We rise: Our lives are often marked by mistakes, wrong choices and tragedies. If we let them define us, then our lives, including our work lives, suffer. Here’s the story of how one man turned a setback into not only a new career, but a chance to help thousands of other people.

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All month, we’ve been taking a look outside the box in terms of career inspiration. This week, we look to something that may hurt a little, something we may just want to leave behind. I’m talking about setbacks and failures.

The title of today’s column is an homage to a University of Phoenix commercial. In it, a man dressed in a lab coat is working in a hospital. Several flashbacks are inserted: that same man as his younger self pushing a cart through produce fields, riding a bike to work, studying in a small one room apartment while the rest of his family sleeps. At the end of the commercial we learn that this gentleman is not only a nurse, he is director of nursing at his hospital. The commercial then ends with two words.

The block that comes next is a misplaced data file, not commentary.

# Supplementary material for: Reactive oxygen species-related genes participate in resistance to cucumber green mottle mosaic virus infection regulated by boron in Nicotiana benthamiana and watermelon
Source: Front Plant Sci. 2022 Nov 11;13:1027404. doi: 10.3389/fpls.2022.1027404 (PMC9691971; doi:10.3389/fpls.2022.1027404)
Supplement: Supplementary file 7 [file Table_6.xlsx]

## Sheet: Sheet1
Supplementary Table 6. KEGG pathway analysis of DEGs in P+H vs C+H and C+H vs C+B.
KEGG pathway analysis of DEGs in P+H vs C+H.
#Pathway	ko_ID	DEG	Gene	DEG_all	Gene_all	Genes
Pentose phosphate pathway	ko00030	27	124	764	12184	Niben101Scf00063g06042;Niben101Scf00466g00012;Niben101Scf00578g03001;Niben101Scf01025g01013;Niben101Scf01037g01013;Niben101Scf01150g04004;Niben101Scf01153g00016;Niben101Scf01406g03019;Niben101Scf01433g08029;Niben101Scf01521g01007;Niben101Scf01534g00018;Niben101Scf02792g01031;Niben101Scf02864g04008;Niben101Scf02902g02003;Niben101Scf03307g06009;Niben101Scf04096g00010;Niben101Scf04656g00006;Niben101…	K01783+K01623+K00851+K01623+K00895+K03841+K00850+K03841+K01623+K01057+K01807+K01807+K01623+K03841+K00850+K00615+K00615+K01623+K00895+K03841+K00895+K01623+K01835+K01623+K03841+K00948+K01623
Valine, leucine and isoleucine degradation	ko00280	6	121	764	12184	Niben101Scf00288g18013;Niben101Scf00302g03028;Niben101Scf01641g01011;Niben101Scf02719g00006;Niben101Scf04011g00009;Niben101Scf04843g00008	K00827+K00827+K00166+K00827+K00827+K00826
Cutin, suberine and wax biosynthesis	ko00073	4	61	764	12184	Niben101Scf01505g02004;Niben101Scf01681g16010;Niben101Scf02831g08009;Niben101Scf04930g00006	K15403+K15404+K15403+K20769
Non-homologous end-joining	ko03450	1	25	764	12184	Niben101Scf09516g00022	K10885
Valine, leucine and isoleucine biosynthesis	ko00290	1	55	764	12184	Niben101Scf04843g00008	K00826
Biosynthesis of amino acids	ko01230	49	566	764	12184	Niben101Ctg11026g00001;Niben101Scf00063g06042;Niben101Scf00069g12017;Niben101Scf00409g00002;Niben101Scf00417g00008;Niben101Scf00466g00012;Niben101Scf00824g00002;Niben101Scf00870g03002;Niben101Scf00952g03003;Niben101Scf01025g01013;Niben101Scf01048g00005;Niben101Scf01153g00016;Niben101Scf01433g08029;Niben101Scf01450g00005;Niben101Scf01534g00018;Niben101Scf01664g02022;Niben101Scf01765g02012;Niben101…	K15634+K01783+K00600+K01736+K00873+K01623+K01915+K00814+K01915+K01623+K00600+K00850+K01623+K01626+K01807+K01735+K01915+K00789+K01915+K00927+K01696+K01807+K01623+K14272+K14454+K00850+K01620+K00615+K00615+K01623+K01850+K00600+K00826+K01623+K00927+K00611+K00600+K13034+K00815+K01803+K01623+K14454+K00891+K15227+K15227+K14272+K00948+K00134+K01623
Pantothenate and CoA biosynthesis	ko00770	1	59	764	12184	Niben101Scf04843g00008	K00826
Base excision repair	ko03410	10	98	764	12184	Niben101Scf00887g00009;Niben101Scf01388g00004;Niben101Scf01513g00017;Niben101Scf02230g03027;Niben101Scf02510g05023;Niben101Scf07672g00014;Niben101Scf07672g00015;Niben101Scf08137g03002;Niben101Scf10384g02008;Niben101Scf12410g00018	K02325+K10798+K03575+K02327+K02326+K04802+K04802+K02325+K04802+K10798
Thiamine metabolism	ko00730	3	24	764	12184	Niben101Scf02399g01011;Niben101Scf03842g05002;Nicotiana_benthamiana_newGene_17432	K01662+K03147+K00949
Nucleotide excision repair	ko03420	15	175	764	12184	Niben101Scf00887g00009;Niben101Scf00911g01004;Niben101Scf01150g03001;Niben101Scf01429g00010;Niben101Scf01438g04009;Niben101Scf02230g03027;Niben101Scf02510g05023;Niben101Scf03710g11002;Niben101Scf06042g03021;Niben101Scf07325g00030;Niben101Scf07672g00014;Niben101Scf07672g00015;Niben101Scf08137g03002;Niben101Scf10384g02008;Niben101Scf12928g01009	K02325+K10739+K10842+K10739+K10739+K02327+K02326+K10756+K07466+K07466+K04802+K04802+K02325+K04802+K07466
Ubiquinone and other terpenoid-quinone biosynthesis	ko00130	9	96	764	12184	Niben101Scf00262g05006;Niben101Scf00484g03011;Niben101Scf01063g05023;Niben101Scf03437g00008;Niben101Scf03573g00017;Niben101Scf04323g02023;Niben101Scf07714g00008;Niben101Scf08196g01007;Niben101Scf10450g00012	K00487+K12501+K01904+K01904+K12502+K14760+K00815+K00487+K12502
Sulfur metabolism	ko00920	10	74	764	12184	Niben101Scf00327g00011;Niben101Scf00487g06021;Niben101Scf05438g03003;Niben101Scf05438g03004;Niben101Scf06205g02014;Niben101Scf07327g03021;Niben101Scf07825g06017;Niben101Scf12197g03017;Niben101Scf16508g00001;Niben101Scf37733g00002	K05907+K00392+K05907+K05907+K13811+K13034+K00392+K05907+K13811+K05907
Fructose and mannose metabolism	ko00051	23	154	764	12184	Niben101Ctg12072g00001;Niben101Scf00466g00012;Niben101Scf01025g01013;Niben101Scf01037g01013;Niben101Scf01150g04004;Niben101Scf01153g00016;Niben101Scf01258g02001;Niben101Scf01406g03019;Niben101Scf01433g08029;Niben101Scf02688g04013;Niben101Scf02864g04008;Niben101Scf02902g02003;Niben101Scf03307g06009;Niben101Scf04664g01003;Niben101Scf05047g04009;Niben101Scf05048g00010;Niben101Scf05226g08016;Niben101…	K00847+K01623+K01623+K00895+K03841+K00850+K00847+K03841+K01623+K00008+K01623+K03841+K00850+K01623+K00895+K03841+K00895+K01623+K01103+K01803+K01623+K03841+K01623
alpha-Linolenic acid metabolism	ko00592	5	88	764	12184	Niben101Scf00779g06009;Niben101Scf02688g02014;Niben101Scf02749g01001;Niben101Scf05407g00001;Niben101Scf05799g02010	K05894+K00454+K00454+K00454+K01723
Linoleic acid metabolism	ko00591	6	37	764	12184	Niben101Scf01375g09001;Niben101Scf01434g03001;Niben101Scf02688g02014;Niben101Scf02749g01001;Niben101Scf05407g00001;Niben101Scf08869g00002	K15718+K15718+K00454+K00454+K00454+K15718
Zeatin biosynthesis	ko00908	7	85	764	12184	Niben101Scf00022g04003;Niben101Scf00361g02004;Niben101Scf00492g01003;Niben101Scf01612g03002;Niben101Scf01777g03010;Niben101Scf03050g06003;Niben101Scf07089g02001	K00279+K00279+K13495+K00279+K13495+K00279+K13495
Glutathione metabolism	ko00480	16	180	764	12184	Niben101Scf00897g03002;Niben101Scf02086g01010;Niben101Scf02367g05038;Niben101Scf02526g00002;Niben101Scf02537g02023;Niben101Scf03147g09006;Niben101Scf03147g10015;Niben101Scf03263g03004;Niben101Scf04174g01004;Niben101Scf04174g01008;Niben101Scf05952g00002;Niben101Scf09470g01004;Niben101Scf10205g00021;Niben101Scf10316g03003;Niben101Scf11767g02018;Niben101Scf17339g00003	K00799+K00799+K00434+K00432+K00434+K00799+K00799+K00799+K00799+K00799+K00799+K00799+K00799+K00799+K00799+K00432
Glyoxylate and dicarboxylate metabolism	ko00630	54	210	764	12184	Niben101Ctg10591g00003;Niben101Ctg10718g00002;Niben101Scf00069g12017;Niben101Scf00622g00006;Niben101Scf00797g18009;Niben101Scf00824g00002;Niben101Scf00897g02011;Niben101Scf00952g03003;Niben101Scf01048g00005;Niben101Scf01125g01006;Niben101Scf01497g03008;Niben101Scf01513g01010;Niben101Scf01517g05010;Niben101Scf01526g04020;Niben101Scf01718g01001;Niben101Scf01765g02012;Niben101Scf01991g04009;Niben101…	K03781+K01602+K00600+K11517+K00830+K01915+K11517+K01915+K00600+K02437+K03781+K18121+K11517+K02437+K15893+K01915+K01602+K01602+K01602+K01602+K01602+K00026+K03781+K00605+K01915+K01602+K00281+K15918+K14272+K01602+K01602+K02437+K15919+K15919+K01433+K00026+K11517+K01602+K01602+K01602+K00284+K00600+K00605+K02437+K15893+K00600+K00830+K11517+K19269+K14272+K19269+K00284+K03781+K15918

We rise.

Those two simple words carry so much weight. We rise to face oppression. We rise up against our enemies. We rise to the next level. But those two words don’t need to be surrounded by such gravitas as fighting sworn enemies or conquering the many faces of oppression. Some of the world’s biggest heroes are those that rise and go to work every day to do something positive in the world, to make a difference in another person’s life, or to simply put food on the table for their families. We all have the opportunity to rise, especially after we fall.

John Sage, President of Accessible Travel Solutions, was definitely on the rise in life. He was in his last year at college and had a job locked up as a petroleum engineer at Exxon in Houston. A travel buff, Sage was on a snow skiing trip when fate threw him a curveball. He took a pretty bad fall going down a ski run and sustained a T-4 incomplete spinal cord injury. Now, instead of his biggest concern being what kind of car to get himself as a graduation gift or where else he could travel before starting his job, Sage had to learn how to maneuver around in the world without the use of his legs.